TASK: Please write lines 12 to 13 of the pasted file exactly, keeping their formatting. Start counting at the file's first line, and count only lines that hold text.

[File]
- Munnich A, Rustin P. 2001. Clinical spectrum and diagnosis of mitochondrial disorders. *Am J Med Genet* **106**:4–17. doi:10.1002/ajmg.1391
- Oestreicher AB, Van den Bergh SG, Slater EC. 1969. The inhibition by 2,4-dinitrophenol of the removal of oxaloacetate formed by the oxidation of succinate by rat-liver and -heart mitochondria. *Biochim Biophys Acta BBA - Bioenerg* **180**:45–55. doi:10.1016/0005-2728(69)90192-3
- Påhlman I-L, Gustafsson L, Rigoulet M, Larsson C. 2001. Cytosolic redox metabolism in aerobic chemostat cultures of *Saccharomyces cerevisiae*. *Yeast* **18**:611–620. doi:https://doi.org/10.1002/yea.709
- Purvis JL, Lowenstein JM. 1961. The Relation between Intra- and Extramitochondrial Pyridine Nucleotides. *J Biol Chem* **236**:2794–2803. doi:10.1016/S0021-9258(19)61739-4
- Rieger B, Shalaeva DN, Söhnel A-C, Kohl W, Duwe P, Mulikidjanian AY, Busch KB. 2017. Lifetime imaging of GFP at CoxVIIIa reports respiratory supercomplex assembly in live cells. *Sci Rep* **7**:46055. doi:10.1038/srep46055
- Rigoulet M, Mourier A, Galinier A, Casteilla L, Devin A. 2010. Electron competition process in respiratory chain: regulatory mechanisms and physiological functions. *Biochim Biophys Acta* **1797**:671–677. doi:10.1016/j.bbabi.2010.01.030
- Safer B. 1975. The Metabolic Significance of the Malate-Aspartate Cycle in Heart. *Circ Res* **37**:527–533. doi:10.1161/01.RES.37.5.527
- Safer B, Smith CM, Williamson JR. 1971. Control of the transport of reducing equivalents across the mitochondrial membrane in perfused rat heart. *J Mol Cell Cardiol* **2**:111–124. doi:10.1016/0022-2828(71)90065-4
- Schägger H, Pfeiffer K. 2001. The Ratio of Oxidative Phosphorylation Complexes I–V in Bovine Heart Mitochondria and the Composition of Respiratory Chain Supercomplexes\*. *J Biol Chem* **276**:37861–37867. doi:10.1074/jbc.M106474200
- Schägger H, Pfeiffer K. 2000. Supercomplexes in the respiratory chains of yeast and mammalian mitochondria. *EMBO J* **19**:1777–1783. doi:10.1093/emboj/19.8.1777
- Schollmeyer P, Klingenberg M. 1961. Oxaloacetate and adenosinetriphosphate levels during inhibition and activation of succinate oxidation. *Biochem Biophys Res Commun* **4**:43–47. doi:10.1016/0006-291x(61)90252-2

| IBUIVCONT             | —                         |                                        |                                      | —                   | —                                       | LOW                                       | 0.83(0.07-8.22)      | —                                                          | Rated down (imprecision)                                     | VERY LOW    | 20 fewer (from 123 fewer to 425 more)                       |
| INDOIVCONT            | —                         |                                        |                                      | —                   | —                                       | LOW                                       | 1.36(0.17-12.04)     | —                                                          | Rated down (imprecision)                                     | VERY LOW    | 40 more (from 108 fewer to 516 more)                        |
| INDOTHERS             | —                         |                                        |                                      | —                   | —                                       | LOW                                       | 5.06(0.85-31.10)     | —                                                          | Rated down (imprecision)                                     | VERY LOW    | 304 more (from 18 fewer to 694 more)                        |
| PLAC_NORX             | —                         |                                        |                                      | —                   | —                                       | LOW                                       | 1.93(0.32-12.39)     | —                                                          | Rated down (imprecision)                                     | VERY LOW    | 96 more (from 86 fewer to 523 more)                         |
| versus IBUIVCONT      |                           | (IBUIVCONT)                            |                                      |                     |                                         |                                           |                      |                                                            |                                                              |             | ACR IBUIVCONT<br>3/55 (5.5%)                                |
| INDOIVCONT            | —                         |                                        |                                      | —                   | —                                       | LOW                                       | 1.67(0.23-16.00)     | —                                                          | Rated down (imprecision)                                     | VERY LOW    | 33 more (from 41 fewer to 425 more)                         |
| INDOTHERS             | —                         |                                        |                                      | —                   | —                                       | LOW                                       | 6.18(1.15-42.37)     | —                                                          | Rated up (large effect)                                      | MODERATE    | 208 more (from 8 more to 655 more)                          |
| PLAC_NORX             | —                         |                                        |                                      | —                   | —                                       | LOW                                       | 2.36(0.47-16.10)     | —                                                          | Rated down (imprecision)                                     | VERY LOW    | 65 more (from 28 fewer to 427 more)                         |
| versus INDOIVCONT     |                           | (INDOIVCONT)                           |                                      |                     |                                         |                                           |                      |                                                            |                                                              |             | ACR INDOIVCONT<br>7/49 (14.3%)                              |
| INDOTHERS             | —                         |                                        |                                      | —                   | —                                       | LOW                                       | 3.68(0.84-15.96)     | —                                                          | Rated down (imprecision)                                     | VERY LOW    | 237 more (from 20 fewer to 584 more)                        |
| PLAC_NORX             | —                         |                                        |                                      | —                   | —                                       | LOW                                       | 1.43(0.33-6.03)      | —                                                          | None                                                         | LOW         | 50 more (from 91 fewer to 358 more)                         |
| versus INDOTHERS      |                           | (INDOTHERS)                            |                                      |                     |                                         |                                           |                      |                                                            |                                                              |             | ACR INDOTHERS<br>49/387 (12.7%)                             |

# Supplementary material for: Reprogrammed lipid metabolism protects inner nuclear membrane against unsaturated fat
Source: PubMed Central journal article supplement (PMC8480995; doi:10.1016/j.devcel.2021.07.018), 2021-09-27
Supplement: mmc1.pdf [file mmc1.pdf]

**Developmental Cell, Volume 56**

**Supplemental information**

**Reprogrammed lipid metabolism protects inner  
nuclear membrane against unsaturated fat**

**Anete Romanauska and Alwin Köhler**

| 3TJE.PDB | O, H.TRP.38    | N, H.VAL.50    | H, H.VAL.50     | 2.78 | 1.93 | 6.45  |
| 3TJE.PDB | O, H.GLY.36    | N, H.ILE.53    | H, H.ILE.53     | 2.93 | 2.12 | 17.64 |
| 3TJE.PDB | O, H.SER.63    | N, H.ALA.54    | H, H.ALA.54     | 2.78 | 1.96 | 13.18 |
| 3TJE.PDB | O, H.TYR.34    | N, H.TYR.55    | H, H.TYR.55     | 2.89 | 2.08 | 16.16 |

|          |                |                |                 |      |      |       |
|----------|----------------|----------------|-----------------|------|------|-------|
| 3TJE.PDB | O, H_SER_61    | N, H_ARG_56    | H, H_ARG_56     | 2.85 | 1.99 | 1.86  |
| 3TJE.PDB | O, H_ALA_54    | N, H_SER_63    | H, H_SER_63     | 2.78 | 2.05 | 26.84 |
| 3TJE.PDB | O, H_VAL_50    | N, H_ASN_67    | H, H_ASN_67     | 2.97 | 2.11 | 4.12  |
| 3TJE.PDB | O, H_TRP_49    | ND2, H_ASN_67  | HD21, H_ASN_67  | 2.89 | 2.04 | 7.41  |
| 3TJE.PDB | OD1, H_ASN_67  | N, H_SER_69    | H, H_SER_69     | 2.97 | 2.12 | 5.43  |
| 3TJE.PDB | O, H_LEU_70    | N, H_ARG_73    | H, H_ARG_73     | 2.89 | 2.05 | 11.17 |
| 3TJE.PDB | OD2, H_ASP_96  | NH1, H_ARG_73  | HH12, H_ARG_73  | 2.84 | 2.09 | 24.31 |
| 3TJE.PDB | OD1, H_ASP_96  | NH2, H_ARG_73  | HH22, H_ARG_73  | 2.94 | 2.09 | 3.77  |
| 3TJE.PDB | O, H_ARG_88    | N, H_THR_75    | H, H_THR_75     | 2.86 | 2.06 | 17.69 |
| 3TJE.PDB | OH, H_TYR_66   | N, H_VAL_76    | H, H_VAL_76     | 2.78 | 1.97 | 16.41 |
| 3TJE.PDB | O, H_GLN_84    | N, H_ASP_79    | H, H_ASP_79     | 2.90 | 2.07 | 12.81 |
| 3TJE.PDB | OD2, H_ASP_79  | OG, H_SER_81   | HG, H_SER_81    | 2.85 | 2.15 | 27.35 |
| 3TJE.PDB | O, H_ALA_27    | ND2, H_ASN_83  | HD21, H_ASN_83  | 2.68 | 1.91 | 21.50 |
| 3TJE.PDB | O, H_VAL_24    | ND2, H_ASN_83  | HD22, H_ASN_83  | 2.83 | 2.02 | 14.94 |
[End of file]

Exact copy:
| IBUIVCONT             | —                         |                                        |                                      | —                   | —                                       | LOW                                       | 0.83(0.07-8.22)      | —                                                          | Rated down (imprecision)                                     | VERY LOW    | 20 fewer (from 123 fewer to 425 more)                       |
| INDOIVCONT            | —                         |                                        |                                      | —                   | —                                       | LOW                                       | 1.36(0.17-12.04)     | —                                                          | Rated down (imprecision)                                     | VERY LOW    | 40 more (from 108 fewer to 516 more)                        |